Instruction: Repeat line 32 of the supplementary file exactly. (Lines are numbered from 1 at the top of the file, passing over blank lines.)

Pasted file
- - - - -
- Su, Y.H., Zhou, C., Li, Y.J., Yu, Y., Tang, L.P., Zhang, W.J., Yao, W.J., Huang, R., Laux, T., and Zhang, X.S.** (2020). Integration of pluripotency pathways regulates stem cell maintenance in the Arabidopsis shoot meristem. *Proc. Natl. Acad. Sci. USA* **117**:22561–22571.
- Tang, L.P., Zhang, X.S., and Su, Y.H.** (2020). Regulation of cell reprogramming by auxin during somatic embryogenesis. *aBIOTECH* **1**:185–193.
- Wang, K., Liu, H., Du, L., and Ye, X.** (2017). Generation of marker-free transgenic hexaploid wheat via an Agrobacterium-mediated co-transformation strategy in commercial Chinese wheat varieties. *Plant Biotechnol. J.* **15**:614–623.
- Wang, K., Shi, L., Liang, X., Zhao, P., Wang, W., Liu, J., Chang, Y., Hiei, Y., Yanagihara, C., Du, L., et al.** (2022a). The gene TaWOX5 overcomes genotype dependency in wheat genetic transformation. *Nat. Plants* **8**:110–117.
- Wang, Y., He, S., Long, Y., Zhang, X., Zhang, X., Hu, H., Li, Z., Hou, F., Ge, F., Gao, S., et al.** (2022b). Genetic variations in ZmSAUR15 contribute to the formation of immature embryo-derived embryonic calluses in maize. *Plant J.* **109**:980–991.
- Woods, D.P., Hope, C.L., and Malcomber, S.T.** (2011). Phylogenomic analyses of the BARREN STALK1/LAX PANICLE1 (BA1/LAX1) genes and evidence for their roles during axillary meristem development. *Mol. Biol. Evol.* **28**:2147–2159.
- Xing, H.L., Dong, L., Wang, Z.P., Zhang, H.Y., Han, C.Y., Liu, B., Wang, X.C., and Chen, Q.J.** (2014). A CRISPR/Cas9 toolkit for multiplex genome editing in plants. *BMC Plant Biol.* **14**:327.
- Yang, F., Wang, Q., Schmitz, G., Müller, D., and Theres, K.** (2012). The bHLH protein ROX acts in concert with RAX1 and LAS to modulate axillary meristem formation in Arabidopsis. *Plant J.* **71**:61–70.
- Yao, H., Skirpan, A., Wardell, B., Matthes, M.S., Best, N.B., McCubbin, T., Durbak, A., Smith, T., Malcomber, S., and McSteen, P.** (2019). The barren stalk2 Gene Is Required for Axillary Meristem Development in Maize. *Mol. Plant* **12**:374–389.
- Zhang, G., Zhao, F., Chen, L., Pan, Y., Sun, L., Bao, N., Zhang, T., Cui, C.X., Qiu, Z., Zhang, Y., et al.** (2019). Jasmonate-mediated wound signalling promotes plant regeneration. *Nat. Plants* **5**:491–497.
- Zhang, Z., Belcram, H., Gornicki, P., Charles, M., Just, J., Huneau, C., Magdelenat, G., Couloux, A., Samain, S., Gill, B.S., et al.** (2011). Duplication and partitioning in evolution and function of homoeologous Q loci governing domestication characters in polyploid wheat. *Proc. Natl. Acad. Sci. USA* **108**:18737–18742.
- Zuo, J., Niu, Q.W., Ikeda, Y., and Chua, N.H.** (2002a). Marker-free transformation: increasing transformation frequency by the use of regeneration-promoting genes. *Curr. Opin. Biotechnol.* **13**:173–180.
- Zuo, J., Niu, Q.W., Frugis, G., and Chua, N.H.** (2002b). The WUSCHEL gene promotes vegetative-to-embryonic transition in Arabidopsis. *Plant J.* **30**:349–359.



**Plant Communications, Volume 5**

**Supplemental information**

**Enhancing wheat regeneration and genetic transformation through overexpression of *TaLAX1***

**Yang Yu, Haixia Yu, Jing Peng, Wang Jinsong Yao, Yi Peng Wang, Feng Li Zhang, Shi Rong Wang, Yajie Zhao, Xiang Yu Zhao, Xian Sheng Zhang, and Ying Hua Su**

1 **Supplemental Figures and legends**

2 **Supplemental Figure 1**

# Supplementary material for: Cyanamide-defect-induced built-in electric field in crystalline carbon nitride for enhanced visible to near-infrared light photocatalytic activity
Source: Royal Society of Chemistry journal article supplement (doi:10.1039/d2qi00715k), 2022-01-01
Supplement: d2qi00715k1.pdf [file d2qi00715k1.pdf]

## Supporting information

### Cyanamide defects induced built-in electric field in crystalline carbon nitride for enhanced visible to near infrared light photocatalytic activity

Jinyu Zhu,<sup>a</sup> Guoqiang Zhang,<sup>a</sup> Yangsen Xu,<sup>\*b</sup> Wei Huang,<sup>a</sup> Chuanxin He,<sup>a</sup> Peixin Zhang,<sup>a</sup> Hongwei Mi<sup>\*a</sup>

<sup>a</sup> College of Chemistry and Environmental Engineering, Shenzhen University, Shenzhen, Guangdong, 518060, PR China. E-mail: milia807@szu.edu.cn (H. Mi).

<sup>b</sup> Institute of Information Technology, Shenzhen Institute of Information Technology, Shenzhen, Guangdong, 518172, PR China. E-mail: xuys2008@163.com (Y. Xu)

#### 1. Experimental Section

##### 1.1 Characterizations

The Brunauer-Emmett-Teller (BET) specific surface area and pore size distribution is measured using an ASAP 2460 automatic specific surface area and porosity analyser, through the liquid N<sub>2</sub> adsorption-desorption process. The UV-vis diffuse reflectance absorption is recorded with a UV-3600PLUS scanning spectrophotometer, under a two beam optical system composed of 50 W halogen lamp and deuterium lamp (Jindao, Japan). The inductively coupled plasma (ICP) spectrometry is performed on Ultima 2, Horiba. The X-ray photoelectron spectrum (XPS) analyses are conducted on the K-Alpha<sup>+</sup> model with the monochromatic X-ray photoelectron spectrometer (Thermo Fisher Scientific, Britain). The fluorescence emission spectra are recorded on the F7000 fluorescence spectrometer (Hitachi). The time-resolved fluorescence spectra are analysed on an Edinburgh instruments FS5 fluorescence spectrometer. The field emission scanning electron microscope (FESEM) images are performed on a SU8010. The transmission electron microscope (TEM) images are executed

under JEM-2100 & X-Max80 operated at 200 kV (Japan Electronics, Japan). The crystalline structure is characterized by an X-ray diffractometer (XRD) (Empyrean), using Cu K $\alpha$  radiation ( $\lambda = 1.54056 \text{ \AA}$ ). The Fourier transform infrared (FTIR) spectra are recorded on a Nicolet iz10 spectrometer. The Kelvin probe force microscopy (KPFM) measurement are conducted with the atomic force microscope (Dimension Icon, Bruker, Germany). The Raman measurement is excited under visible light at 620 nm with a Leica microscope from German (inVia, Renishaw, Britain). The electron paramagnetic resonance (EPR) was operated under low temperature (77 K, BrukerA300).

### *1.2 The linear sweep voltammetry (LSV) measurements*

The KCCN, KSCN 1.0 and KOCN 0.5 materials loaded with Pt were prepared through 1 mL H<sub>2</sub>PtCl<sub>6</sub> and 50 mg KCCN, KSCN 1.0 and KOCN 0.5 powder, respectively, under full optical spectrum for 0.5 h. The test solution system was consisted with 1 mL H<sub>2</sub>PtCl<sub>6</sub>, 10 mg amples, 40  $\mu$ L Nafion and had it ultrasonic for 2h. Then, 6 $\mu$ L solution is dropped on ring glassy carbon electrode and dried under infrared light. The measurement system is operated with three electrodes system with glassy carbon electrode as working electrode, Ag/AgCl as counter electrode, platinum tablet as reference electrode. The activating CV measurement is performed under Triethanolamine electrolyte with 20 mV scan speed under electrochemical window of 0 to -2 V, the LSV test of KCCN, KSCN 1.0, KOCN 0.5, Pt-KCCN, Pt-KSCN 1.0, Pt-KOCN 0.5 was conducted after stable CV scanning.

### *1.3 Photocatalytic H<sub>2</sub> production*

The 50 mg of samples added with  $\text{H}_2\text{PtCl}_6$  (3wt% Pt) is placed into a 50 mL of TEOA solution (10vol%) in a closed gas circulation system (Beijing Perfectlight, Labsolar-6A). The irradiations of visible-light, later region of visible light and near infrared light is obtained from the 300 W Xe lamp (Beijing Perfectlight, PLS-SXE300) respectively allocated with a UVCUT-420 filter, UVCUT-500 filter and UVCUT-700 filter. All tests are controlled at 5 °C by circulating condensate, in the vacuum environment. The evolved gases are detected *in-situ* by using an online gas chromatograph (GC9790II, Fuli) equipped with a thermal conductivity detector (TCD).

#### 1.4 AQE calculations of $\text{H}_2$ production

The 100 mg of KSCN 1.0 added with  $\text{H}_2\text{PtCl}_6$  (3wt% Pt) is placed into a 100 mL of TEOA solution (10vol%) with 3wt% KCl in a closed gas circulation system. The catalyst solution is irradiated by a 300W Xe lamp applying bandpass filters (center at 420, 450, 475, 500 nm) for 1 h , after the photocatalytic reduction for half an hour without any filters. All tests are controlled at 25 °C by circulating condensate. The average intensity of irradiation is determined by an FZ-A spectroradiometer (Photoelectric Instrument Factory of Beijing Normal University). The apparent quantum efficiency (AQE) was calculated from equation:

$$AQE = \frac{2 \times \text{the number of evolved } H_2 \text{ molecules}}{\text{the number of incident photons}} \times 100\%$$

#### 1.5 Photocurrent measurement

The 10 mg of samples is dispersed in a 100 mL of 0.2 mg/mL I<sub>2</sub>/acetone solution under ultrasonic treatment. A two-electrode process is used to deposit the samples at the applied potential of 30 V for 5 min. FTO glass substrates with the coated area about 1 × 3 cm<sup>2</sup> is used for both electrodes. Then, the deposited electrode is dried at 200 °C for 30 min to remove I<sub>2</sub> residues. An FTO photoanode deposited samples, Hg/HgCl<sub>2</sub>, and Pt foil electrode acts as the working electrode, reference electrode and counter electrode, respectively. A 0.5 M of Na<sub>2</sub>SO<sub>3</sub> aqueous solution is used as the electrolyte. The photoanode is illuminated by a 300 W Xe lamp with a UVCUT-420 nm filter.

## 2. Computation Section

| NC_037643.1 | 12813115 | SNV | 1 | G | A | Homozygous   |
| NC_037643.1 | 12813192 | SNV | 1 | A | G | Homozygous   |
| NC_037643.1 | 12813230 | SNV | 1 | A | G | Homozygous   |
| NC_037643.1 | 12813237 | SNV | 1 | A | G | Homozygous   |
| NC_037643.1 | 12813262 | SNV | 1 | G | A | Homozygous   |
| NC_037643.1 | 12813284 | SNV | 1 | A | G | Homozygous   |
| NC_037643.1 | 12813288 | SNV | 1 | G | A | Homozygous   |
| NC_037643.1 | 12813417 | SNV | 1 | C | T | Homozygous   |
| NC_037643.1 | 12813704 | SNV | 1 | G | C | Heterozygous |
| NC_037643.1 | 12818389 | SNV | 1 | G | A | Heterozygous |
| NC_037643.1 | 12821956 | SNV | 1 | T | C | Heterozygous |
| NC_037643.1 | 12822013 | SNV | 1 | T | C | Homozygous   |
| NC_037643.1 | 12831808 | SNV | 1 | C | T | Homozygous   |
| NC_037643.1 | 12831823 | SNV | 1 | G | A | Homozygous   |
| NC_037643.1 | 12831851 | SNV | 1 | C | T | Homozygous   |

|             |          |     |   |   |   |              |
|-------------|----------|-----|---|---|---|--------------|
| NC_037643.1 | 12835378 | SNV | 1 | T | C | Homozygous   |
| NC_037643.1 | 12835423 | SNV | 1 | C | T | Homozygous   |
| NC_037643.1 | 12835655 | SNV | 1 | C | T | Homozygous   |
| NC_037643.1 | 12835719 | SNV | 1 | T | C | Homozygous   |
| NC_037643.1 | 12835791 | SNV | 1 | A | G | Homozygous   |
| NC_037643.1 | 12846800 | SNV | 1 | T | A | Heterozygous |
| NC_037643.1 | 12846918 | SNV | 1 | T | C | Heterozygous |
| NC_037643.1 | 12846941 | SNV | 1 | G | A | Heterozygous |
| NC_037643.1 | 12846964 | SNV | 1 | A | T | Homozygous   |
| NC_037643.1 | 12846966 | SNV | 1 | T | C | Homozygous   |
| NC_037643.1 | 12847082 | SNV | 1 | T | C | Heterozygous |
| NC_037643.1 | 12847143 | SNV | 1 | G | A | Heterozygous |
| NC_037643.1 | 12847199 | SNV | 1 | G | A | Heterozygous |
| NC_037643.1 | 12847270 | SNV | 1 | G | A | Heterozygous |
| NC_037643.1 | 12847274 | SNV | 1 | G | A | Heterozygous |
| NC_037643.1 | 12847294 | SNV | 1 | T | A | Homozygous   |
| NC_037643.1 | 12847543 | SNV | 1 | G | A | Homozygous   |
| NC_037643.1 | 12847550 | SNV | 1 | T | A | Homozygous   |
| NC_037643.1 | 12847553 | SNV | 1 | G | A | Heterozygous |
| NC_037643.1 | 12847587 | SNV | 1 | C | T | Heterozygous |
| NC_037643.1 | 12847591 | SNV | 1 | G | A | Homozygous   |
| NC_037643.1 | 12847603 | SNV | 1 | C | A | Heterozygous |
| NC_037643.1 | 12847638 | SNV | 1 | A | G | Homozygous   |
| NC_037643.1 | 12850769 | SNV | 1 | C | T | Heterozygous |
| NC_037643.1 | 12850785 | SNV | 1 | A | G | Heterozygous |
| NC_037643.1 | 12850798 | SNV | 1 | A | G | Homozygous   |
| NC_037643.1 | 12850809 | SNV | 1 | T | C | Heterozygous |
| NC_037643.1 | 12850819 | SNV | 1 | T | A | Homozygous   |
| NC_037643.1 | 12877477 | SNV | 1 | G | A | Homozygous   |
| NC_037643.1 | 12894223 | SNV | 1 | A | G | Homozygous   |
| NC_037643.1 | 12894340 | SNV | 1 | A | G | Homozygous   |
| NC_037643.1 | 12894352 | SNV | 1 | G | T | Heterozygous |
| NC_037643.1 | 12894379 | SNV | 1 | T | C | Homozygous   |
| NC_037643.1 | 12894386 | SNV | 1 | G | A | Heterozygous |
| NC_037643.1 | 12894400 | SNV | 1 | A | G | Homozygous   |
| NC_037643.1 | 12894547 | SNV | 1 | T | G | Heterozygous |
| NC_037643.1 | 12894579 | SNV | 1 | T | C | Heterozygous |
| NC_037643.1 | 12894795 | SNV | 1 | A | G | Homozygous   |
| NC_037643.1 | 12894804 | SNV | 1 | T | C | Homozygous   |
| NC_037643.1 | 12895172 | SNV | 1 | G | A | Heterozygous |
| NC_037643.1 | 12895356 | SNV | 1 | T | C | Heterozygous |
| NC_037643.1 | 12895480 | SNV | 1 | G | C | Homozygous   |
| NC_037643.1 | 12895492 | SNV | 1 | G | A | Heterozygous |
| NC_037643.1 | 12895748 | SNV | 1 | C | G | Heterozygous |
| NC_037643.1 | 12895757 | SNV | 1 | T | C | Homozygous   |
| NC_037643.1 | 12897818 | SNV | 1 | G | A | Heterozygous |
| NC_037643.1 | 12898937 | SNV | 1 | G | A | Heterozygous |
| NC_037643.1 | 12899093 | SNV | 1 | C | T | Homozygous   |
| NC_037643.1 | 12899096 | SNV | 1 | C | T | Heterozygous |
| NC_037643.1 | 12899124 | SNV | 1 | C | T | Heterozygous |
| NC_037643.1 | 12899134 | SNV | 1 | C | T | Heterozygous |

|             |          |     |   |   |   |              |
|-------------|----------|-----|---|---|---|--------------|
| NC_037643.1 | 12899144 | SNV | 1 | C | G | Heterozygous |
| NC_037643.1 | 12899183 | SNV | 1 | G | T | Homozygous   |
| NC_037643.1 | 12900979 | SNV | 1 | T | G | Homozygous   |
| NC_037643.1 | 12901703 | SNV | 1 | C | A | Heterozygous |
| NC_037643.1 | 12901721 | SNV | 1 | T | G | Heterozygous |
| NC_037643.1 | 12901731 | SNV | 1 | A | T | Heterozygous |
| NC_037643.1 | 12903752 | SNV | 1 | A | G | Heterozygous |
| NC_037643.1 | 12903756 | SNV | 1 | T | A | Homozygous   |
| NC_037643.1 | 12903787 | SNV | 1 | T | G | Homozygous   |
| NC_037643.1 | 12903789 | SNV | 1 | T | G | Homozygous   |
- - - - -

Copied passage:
### *1.2 The linear sweep voltammetry (LSV) measurements*